Protein Solution Injection
This is presently the gold standard , non-surgical treatment for Osteoarthritis. With just one injection, you can have 70% improvement from joint pain and stiffness for up to 2-3 years.1,2 Not only this, but you can also improve joint function and possibly slow the destruction of cartilage.3,4
The process is similar to a PRP injection, as a sample of blood is first taken from the arm, and the processed. It’s different in the sense that the sample is then process a second time, specifically to isolate and increase the number of anti-inflammatory proteins. Compared to normal blood, the solution at the end may have up to 1000 times the normal concentration of good proteins to decrease pain and protect cartilage.
Presently, this technique is approved by Health Canada to treat Knee Osteoarthritis. Research is ongoing for other joints. It does not work for everybody. Please speak with your physician if this is the right treatment for you.
Some more science: In a normal knee, there is a balance between inflammatory and anti-inflammatory cytokines. In an osteoarthritic knee, this balance is offset, where the inflammatory cytokines IL-1 and TNFa are able to destroy cartilage. There is no cure for Osteoarthritis, but by concentrating “good”, anti-inflammatory cytokines (IL-1ra, sIL-1R, sTNF-RI, and sTNF-RII) in an overwhelming solution, cartilage degeneration can be slowed. What’s more, through further processing of the blood, the white blood cells release anabolic growth factors IFG-1 and TGF-ß1 which are beneficial for cartilage health.5,6 For ever more information, see Scientific Narrative.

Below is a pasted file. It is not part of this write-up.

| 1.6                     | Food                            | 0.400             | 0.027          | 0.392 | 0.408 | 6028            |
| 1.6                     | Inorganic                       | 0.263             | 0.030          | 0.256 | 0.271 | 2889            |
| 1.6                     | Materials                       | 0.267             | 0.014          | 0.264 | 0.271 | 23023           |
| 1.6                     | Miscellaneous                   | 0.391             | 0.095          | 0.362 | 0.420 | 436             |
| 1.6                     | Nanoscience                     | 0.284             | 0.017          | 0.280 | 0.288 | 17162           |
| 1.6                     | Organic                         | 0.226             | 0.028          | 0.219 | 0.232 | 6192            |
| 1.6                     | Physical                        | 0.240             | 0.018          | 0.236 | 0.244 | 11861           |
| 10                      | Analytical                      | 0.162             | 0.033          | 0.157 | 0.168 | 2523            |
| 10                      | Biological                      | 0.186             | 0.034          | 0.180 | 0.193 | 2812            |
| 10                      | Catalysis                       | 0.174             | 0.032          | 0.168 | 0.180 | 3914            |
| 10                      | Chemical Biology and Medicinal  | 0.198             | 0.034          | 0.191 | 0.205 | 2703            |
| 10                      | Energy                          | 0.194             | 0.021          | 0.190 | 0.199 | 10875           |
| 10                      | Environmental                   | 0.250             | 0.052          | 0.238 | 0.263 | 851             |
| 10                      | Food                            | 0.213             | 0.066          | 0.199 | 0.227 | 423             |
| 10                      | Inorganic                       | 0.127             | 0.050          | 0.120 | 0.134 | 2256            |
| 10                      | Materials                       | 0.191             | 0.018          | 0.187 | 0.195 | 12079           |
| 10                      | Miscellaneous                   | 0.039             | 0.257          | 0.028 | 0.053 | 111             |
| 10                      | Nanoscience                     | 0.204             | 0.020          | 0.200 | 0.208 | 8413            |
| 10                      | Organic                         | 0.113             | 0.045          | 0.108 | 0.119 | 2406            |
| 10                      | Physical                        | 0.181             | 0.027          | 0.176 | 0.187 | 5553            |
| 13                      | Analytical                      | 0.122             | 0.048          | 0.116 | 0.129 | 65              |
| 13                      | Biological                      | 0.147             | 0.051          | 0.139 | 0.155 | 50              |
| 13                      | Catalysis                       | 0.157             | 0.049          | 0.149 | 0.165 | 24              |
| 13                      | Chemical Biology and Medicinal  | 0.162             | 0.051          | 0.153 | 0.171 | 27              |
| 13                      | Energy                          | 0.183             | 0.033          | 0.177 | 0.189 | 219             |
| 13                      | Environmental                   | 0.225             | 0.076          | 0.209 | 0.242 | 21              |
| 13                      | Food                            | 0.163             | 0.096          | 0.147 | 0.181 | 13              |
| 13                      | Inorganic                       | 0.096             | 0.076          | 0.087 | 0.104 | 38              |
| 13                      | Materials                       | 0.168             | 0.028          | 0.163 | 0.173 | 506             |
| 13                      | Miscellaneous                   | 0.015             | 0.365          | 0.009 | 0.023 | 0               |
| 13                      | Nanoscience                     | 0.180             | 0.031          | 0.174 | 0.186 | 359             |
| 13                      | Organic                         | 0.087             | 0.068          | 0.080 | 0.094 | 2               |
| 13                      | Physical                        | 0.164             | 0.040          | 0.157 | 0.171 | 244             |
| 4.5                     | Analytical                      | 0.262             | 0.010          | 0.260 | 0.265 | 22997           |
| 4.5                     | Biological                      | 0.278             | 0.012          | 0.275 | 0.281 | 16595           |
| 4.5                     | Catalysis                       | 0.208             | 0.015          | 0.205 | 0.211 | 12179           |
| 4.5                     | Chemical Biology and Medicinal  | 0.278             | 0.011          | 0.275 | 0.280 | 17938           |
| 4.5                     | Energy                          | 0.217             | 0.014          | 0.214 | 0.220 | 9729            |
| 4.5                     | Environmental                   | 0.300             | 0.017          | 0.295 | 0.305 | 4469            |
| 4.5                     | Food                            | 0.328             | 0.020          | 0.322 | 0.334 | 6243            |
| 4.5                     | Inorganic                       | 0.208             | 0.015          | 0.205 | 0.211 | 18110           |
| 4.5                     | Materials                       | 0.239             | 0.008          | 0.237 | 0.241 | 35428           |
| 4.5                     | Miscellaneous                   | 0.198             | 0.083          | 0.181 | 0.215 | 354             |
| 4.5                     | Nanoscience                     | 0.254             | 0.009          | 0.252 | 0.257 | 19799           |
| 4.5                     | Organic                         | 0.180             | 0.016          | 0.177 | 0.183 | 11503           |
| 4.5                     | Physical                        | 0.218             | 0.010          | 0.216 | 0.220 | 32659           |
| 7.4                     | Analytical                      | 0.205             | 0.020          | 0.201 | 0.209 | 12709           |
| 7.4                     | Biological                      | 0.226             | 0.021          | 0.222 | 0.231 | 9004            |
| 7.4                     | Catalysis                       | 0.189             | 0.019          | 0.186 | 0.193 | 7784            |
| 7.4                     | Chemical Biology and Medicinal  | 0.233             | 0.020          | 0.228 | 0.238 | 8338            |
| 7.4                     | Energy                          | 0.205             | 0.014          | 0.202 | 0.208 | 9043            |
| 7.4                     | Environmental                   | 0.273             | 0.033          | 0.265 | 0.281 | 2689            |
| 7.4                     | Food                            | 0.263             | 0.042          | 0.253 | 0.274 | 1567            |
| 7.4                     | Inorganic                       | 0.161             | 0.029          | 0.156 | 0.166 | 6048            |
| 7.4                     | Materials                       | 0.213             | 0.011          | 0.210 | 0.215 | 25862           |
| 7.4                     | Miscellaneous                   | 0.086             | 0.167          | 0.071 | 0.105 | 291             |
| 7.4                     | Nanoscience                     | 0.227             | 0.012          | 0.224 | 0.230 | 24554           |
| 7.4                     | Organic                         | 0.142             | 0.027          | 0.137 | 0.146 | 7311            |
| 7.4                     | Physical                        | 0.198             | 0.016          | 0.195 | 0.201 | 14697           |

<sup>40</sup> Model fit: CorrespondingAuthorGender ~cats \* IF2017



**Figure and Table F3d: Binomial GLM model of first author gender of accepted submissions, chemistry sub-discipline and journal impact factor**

What are the benefits?
Pain relief, joint protection, and tissue repair/regeneration. As mentioned above, the research is still evolving in this field, but many see it as a way of postponing eventual surgery. The injectate is taken directly from the person’s own blood, so the risk of allergy is virtually non-existent.
How long will my pain be reduced?
Pain relief occurs within 1-2 weeks. The overall length of relief is variable, from at least 1 year, up to 2-3 years.
How often can I have this done?
Repeat injections can be performed indefinitely.
Who can’t have this done?
Any patient who may appear to have:
- Infection within the body, near the site of administration, or the actual joint itself
What should I do in advance of my injection?
If possible, and safe:
- Avoid corticosteroid medications 2-3 weeks prior to the procedure
- Avoid non-steroidal anti-inflammatory drugs (NSAIDs), such as aspirin and ibuprofen (Advil), 2 weeks before and after injection
- Drink plenty of fluids on the day of the procedure, so that it’s easier to draw a blood sample
What are the side effects?
- Pain after injection: A post-injection flare occurs in approximately 10% of patients. Like other injections, it usually settles within 2 days. Application of ice and Tylenol can help, if desired. Please avoid any anti-inflammatories, such as Advil (Ibuprofen) afterwards, as this can reduce how well the procedure works.